This Is Why Prince Harry and Meghan Markle’s Son Archie Didn’t Get a Royal Title
Archie isn't a prince—here's why that's causing controversy.
The world is buzzing after Meghan Markle and Prince Harry’s candid interview with Oprah about their not-so-rosy experience as part of the royal family. In particular, they’ve made it clear that there was all sorts of unsavory drama surrounding their baby boy, Archie Harrison Mountbatten-Windsor, even before he was born. Specifically, it’s raised the issues of his royal titles—or lack thereof. Even as seventh in line for the British throne, Archie isn’t a prince.
But there was already a precedent in place for Archie not to be a prince—at birth, at least—thanks to a 104-year-old rule.
In 1917, King George V issued a statement that “the grandchildren of the sons of any such Sovereign in the direct male line (save only the eldest living son of the eldest son of the Prince of Wales) shall have and enjoy in all occasions the style and title enjoyed by the children of Dukes of these Our Realms.” Queen Elizabeth II is the current sovereign, so her children and grandchildren get royal titles. But her great-grandchildren—like Prince Harry and Meghan Markle’s son—would be Lord or Lady Mountbatten-Windsor, rather than a prince, and he wouldn’t get the HRH style of a “royal highness.” In Archie’s case, his parents settled on the style of “Master.”
The controversy arises because Meghan expected that, when Prince Charles became king and Archie became the grandson, no longer the great-grandson, of the reigning monarch, he would have been able to assume the title of “prince.” But she learned that that would not be the case, saying that she “had been told that protocols would be changed.” This is why Meghan didn’t take photos after Archie’s birth, too.
Why were Prince William and Kate Middleton’s kids lucky enough to get those royal titles? Because the queen said so, of course.
As a direct heir to the throne, George would have been a prince no matter what—but Charlotte and Louis wouldn’t have. When Kate was pregnant, Queen Elizabeth issued a letters patent giving the Prince or Princess title to any of William’s children. The prevailing reason for this is that they’re the children of the future monarch. But from Meghan’s perspective, her son “[was] not being titled in the same way that other grandchildren would be.”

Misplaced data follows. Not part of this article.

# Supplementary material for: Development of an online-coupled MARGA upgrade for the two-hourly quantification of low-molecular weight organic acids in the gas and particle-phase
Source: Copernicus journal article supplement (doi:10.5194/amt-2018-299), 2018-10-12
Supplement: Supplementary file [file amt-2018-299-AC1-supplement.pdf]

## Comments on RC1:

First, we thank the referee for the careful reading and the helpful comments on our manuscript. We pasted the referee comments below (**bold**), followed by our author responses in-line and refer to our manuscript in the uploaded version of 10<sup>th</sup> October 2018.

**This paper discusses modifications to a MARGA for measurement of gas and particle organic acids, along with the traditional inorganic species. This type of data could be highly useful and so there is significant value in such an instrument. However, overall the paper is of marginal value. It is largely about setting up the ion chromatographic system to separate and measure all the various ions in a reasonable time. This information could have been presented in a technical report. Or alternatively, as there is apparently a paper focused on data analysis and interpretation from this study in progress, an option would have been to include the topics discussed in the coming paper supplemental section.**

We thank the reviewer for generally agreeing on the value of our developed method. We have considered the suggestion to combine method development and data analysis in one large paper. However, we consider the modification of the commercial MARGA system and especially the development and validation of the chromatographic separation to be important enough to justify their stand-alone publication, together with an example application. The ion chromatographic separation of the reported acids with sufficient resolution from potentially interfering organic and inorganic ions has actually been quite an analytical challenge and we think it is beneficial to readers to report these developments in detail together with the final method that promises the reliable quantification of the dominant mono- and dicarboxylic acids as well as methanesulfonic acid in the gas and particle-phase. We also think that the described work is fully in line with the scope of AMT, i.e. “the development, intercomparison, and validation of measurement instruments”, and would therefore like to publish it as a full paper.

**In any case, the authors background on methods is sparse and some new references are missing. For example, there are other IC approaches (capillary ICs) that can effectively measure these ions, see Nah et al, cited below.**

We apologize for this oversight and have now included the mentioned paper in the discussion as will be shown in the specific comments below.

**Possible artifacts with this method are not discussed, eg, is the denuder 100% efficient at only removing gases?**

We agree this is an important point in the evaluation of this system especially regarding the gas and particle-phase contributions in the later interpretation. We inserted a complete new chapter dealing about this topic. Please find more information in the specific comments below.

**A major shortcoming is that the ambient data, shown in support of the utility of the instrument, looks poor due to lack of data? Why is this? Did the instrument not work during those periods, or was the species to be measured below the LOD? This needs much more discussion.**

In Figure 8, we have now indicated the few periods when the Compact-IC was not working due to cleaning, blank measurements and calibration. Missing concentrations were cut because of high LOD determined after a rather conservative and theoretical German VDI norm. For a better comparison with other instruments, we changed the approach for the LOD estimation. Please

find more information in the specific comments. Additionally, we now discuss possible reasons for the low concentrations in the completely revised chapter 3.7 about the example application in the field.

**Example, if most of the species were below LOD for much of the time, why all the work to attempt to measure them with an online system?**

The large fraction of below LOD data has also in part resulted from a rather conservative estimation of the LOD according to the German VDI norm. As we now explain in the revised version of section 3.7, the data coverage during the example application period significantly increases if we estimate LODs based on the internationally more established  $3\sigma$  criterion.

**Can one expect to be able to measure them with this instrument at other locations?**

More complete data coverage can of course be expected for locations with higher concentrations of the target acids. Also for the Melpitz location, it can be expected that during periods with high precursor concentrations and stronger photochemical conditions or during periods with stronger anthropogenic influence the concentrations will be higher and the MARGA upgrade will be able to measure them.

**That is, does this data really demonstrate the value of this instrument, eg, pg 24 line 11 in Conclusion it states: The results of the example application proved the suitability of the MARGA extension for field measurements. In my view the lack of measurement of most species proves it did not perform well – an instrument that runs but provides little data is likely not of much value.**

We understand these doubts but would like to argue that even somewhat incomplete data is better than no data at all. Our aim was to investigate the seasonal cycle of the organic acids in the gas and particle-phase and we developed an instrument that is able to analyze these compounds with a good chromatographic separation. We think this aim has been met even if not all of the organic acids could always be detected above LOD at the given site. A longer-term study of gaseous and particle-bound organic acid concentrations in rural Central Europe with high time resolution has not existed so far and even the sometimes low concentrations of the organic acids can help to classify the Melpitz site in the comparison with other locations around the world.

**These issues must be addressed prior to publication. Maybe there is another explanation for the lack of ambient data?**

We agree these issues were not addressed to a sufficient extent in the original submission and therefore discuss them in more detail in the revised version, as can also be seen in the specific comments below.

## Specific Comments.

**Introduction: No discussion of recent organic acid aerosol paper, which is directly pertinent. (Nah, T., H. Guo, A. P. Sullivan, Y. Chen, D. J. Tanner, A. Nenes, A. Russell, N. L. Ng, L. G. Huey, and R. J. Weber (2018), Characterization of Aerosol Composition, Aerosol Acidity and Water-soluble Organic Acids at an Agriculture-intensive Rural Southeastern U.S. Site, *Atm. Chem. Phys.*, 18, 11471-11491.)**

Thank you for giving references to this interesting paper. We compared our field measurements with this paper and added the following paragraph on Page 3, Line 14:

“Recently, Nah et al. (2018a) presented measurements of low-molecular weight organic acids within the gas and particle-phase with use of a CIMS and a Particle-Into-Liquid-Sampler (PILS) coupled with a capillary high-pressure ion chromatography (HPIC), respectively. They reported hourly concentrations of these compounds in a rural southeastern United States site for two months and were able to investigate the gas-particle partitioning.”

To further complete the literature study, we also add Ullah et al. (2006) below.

Some of the queen’s grandchildren, such as Lady Louise Windsor and James, Viscount Severn, could have been given royal titles when they were born, but their parents asked the queen not to so that they could live more “normal” lives. So if Queen Elizabeth decided not to extend the HRH title, it might not be a bad thing after all—and, of course, Meghan and Harry have chosen to step back from royal duties altogether. If all these titles confuse you, here’s the line of succession to the British throne.
- The Independent: “Prince Harry and Meghan Markle wedding: Why their children won’t be princes or princesses”
- The Telegraph: “Royal baby: The Duke and Duchess of Sussex are expecting their first child in the spring”
- The Guardian: “Was Meghan’s son Archie denied the title ‘prince’ because he’s mixed race?”
- Page Six: “Archie not snubbed of royal title by palace despite Meghan Markle’s claim”